In this week's comments update, readers think Sebastian Errazuriz's claims that architects will be replaced by AI are unfounded.
Artificial claims: readers disagree with designer Sebastian Errazuriz who made the controversial claim that ninety per cent of architects will lose their jobs as artificial intelligence takes over the design process.
"Everybody just calm down," said Steve Hassler. "Designers will still have to set all the parameters and make sure all criteria are met. This should be a useful tool to help streamline the process and allow the exploration of many more variations toward the best ultimate design. We're not going anywhere. If anything, this will be empowering."
Graeme Doctor agreed: "An app may be able to 'design' a building but the architect’s job is to deliver that building too – I don’t foresee an app being able to do that anytime soon. We were told a century ago that the home of the future would roll off a production line like a car but that never came to pass."
"Call me when that app can deal with client feedback like 'yeah I like but not so sure' or 'mmm I don't know if I love it if I am completely honest' or 'I love it but can you just change this, and that, and yeah all that...'" continued Donacio Cejas Acosta.
"The only architects that are doomed are the ones that won't adapt," concluded Zane Gray.
This commenter noticed a flaw in the AI-designed plan:
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Late to the party: commenters are divided over news that architect Jean Nouvel is counter-suing the Philharmonie de Paris after he was fined €170.6 million when the concert hall opened late and over budget.
"There's a narrative explaining how they got to this point. Nouvel has delivered a large number of high profile projects worldwide, this is the first story like this to be associated with one of his buildings. I think we should give him the benefit of the doubt," said Heywood Floyd.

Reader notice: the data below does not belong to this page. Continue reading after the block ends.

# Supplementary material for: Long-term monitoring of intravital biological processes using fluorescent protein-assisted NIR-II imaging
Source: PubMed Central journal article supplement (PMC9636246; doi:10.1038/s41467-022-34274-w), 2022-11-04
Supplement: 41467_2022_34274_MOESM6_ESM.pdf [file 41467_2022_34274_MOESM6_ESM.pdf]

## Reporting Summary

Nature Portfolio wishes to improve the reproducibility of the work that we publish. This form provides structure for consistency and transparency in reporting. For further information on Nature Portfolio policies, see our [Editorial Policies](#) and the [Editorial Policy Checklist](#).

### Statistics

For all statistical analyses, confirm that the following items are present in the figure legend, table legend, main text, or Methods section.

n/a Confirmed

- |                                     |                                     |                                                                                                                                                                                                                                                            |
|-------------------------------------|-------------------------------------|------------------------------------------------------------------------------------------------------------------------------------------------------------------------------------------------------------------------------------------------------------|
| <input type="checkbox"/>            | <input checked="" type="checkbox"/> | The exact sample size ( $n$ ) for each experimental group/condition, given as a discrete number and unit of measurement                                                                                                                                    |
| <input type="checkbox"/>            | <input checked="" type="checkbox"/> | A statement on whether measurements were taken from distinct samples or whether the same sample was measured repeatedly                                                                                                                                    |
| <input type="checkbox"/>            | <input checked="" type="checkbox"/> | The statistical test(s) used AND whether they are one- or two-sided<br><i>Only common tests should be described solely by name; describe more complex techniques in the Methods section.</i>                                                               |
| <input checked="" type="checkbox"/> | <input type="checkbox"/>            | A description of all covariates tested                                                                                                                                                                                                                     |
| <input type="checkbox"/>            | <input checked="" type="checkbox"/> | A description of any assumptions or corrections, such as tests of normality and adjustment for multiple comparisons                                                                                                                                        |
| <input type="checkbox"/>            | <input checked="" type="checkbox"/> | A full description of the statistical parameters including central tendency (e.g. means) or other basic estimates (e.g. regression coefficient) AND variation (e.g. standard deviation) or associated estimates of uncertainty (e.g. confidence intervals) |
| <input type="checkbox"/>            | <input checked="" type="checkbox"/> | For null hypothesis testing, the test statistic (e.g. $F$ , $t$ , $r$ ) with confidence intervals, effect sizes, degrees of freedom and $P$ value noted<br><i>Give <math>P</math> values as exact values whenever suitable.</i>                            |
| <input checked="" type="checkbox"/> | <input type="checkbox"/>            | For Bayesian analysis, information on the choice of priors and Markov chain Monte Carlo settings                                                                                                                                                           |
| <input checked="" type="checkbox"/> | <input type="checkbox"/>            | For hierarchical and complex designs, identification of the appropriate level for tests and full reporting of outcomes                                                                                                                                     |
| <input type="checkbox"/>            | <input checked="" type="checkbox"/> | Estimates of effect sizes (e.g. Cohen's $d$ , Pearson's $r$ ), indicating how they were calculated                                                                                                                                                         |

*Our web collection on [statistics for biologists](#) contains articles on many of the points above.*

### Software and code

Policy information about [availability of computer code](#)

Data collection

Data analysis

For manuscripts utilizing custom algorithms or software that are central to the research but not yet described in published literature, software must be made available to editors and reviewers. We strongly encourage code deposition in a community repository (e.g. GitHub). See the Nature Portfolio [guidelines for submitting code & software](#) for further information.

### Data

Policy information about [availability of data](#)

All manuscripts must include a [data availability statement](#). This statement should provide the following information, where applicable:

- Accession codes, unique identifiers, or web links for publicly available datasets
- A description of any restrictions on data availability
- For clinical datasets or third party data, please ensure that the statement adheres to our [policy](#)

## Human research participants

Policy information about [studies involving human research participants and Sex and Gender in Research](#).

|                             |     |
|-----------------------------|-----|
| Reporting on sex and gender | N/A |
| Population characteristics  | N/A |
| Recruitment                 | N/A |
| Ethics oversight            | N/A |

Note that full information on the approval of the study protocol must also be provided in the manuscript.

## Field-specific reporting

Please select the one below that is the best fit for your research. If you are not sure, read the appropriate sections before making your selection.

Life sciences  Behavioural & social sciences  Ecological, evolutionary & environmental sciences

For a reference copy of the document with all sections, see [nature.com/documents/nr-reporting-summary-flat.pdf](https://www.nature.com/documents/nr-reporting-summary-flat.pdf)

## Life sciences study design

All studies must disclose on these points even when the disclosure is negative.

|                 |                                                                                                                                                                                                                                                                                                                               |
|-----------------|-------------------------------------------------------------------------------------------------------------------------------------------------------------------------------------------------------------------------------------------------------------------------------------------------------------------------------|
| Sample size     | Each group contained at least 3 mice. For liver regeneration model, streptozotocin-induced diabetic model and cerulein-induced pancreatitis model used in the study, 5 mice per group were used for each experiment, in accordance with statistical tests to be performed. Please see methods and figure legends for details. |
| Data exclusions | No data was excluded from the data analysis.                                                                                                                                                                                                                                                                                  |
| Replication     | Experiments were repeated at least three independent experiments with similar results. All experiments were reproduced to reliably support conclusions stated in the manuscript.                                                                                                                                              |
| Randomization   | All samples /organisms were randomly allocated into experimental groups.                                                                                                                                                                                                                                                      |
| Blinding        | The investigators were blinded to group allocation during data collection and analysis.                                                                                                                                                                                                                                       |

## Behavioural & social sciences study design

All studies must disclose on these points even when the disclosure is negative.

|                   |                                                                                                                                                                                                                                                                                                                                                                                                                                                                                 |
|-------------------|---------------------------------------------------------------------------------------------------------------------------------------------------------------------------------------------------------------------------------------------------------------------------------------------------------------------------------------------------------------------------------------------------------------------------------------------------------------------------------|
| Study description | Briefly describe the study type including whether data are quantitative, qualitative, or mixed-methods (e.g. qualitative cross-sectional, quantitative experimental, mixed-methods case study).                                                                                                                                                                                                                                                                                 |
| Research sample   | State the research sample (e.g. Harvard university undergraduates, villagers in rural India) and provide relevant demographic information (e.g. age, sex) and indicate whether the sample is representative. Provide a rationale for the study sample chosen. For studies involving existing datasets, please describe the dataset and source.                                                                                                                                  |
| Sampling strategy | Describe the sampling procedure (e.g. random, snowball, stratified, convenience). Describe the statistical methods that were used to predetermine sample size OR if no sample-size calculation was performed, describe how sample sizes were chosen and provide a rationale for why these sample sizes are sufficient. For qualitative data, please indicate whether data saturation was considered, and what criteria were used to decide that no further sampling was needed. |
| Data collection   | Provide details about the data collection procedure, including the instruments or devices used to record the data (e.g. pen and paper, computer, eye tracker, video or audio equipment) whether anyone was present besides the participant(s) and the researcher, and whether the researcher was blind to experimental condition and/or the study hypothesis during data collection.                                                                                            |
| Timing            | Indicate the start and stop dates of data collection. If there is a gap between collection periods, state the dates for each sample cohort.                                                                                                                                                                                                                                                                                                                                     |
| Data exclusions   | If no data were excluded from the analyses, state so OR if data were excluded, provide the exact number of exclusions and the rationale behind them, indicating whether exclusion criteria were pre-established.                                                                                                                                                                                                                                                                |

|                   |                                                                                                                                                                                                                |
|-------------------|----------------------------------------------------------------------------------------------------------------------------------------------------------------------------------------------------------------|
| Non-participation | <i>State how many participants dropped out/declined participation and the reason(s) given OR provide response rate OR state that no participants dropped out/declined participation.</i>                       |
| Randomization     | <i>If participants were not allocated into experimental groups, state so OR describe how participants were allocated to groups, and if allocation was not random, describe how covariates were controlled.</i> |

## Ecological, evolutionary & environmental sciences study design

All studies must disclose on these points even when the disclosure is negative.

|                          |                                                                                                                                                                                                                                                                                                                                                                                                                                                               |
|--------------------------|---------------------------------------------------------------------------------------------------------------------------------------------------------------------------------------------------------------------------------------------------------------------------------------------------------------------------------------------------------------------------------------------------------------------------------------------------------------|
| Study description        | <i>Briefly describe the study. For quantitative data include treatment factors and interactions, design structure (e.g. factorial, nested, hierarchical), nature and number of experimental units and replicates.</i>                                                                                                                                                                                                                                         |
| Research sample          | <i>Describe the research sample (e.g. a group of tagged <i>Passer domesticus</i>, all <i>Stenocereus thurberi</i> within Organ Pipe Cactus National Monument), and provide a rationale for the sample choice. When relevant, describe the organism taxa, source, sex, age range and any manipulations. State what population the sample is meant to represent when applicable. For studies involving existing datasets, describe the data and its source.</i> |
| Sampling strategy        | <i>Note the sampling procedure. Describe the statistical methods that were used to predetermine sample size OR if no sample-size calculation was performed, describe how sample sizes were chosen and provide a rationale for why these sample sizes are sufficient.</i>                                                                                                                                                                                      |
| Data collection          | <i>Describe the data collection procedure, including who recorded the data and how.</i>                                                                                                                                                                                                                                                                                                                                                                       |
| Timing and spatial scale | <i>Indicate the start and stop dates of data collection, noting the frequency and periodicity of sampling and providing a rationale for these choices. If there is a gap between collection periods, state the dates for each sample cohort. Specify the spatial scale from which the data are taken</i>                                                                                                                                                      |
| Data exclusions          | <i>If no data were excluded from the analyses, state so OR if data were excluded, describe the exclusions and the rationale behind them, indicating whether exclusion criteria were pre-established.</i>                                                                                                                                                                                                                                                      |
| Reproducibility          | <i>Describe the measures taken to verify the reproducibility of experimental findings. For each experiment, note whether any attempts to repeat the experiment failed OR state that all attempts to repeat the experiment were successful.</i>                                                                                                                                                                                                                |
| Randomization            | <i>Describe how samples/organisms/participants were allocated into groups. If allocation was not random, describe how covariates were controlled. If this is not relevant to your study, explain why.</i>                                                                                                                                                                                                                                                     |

Chris agreed: "I very much doubt this is Jean Nouvel's fault. As a very experimental building, the client knew very well what they were getting into. Blaming the architect and not the greedy developer – and I suspect overpaid contractors – is probably the fault here."
"A prime example why the world is losing trust in architects, two years late and three times over budget is completely unacceptable," said Jay in disagreement. "I’m sure many of the problems were the result of the French government and possibly beyond the reach of Nouvel, however, it is inexcusable to be that late and that over budget."
Robert Cassway was for Nouvel being punished: "You design a building that complicated, you're asking for trouble."
As was this reader:
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Pigs in the sky: a London high-rise designed by Foggo Associates is being mocked after gaining the nickname Can of Ham – a result of its distinctive shape.
"I saw this building last week and assumed it must have been teleported from the 1980s," said Alfred Hitchcock. "I suppose it's not that bad though, considering it's just a small part of the architectural freak show which the City of London has become over the last 15 years."
"Why are London towers so awkward?" asked Rd in agreement. "Are they all trying to be contextual?"
Catherine Hammond had a theory: "Gherkin, Ham in a can... Architecture influenced by renowned British cuisine?"
Myrtle thought the building resembles something else: "Inflated air-raid shelter anybody? It looks just as dated."
One reader was feeling punny:
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Wrong move: falling visitor numbers at London's Design Museum are the result of the institute's new location, according to readers. The museum was left with a deficit of £1.2 million earlier this year.
"In comparison to the old place near London Bridge, the new building is something of a void, it lacks personality," said Mr Walnut Grey.
Petros felt similarly: "It all started with the museum's move to its new premises. From a somehow modest building in a convenient location to a cold building with an enormous 'Instagrammable' lobby and a relatively small free permanent collection."
"I'd argue the location is not ideal," continued KH. "It's a trek from East/North London where I imagine a lot of their potential audience lives and works."
"It's all quite sad to be honest," lamented Sam. "The old building was understated yet has a warmth and a presence that communicated design from the UK, it was a place where designers not architects felt at home. The new premise is all about architecture at the expense of design."
This reader was also frustrated by the move:
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